JOHANNESBURG – As the country remembers 59 years since the Sharpeville Massacre, two siblings who still live in the same township have recalled harrowing moments of how their lives were spared.
On Thursday in 1960, 69 people were killed and hundreds more injured when police opened fire on protesters who were burning their pass books at the Sharpeville Police Station.
They were demanding the abolishment of the discriminatory documents.
The chilling account of a 65-year-old grandmother who remembers when she was just 6-years-old playing at the George Thabe Stadium on that tragic day, unaware of how it would change the course of history.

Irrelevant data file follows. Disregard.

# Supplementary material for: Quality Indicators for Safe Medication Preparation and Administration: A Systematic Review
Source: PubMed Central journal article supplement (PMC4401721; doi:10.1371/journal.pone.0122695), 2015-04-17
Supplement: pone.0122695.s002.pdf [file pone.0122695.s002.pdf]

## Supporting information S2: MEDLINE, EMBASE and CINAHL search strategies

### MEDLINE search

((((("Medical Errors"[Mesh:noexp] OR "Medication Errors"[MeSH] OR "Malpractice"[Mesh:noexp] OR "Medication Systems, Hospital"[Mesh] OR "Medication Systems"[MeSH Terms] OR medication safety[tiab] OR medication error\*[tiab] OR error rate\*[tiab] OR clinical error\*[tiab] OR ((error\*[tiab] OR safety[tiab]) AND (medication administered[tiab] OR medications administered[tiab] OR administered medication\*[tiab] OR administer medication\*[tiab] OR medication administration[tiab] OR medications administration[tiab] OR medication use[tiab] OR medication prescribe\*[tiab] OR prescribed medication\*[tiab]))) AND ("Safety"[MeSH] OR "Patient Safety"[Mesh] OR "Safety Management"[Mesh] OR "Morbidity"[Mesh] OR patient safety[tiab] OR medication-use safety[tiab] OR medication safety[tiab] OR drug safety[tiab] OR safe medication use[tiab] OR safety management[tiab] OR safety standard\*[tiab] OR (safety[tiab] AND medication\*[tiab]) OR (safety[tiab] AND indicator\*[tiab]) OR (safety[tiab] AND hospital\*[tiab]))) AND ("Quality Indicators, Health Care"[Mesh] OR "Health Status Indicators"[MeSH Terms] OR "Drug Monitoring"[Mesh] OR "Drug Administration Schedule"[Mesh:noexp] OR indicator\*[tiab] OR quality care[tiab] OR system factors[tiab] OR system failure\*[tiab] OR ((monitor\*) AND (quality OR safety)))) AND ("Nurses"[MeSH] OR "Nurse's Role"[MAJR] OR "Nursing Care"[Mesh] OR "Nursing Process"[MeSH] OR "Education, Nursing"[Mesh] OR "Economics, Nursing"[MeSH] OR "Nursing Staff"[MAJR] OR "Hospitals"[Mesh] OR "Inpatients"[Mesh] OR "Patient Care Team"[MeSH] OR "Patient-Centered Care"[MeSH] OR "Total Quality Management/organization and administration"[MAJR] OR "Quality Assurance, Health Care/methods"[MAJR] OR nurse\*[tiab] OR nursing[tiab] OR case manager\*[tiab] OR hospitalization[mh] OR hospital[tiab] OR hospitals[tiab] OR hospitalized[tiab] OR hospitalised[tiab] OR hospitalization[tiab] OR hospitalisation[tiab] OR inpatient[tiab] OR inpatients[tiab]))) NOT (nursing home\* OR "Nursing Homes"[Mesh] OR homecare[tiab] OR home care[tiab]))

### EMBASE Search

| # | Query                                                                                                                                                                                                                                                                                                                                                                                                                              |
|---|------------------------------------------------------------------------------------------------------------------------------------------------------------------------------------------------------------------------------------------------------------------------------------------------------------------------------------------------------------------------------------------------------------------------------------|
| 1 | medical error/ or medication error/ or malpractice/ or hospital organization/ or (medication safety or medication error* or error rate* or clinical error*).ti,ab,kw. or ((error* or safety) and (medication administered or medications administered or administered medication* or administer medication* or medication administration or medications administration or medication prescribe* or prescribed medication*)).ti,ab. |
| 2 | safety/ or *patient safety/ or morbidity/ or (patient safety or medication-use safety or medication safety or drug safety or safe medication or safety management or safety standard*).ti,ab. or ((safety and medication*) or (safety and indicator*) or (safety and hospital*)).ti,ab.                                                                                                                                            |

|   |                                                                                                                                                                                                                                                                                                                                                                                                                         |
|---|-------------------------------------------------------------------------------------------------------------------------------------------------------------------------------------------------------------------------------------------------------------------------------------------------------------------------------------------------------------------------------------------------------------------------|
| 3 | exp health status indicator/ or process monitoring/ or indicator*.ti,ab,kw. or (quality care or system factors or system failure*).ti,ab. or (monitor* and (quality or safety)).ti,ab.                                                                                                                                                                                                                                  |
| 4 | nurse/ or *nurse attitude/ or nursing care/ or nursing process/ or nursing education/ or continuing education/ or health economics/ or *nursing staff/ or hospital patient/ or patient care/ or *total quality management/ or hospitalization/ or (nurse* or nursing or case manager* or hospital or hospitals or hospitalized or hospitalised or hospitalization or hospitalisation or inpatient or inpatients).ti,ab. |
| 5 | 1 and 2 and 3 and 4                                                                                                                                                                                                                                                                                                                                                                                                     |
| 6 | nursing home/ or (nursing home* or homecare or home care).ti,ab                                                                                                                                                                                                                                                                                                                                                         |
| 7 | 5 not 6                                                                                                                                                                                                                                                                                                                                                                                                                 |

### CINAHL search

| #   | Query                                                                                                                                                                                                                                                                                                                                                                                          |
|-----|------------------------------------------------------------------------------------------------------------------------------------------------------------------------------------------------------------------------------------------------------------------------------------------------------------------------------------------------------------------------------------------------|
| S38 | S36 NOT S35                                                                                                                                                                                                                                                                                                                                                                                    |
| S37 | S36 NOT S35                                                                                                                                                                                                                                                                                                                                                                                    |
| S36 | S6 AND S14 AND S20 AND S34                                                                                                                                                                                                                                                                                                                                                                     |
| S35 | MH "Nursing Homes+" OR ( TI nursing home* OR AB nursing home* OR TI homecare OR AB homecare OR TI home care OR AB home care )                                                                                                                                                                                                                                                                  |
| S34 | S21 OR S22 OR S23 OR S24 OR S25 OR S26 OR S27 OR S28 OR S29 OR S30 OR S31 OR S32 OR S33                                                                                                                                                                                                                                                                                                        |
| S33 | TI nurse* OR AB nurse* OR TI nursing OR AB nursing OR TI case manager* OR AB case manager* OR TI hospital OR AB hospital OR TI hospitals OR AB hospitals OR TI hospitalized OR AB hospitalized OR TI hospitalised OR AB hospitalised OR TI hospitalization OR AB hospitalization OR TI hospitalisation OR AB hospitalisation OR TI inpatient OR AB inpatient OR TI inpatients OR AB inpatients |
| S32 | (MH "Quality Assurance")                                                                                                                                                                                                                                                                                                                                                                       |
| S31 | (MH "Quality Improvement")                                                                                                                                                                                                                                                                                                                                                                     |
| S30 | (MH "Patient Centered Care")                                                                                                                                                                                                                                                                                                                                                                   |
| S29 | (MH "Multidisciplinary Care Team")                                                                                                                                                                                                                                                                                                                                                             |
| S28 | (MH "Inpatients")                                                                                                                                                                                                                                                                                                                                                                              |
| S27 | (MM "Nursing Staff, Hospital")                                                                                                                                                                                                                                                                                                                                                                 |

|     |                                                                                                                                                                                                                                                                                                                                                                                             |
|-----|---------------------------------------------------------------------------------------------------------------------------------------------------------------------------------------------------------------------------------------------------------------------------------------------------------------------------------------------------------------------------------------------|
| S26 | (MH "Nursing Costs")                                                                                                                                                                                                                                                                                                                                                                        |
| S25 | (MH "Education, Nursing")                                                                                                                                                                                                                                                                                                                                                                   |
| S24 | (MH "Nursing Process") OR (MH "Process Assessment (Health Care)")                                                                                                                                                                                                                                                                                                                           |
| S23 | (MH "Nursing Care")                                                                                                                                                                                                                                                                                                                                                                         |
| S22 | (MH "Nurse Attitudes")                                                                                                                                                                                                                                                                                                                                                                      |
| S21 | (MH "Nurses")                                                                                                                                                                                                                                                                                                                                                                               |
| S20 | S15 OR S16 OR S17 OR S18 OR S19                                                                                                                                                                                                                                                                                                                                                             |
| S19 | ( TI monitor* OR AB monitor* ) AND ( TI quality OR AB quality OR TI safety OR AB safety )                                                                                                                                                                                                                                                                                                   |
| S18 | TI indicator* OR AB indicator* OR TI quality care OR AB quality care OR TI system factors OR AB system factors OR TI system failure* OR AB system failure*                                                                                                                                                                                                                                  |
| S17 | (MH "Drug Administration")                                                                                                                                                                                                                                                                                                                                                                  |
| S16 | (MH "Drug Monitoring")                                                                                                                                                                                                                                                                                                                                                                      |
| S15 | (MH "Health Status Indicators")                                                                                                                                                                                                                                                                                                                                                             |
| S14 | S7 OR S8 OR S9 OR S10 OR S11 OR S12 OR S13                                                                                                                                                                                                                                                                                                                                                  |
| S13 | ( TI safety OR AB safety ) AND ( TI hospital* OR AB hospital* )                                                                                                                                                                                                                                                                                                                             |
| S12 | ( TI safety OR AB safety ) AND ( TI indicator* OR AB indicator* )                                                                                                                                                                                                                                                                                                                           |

It is exactly the same sports ground where President Cyril Ramaphosa will lead the official commemoration celebrations on Thursday.
Meanwhile, her eldest brother, who also still lives in Sharpeville, was 21-years-old when he took part in the march to the Sharpeville Police Station protesting against the pass laws.
Little did he know that he would have a near death experience.
He recalls how two fellow protestors fell on top of him, protecting him from gunshots which ended up costing them their lives.
While both have acknowledged that much has been achieved by the democratic government over the past 25 years, the country still has a long way to go to ensure it closes the inequality gap.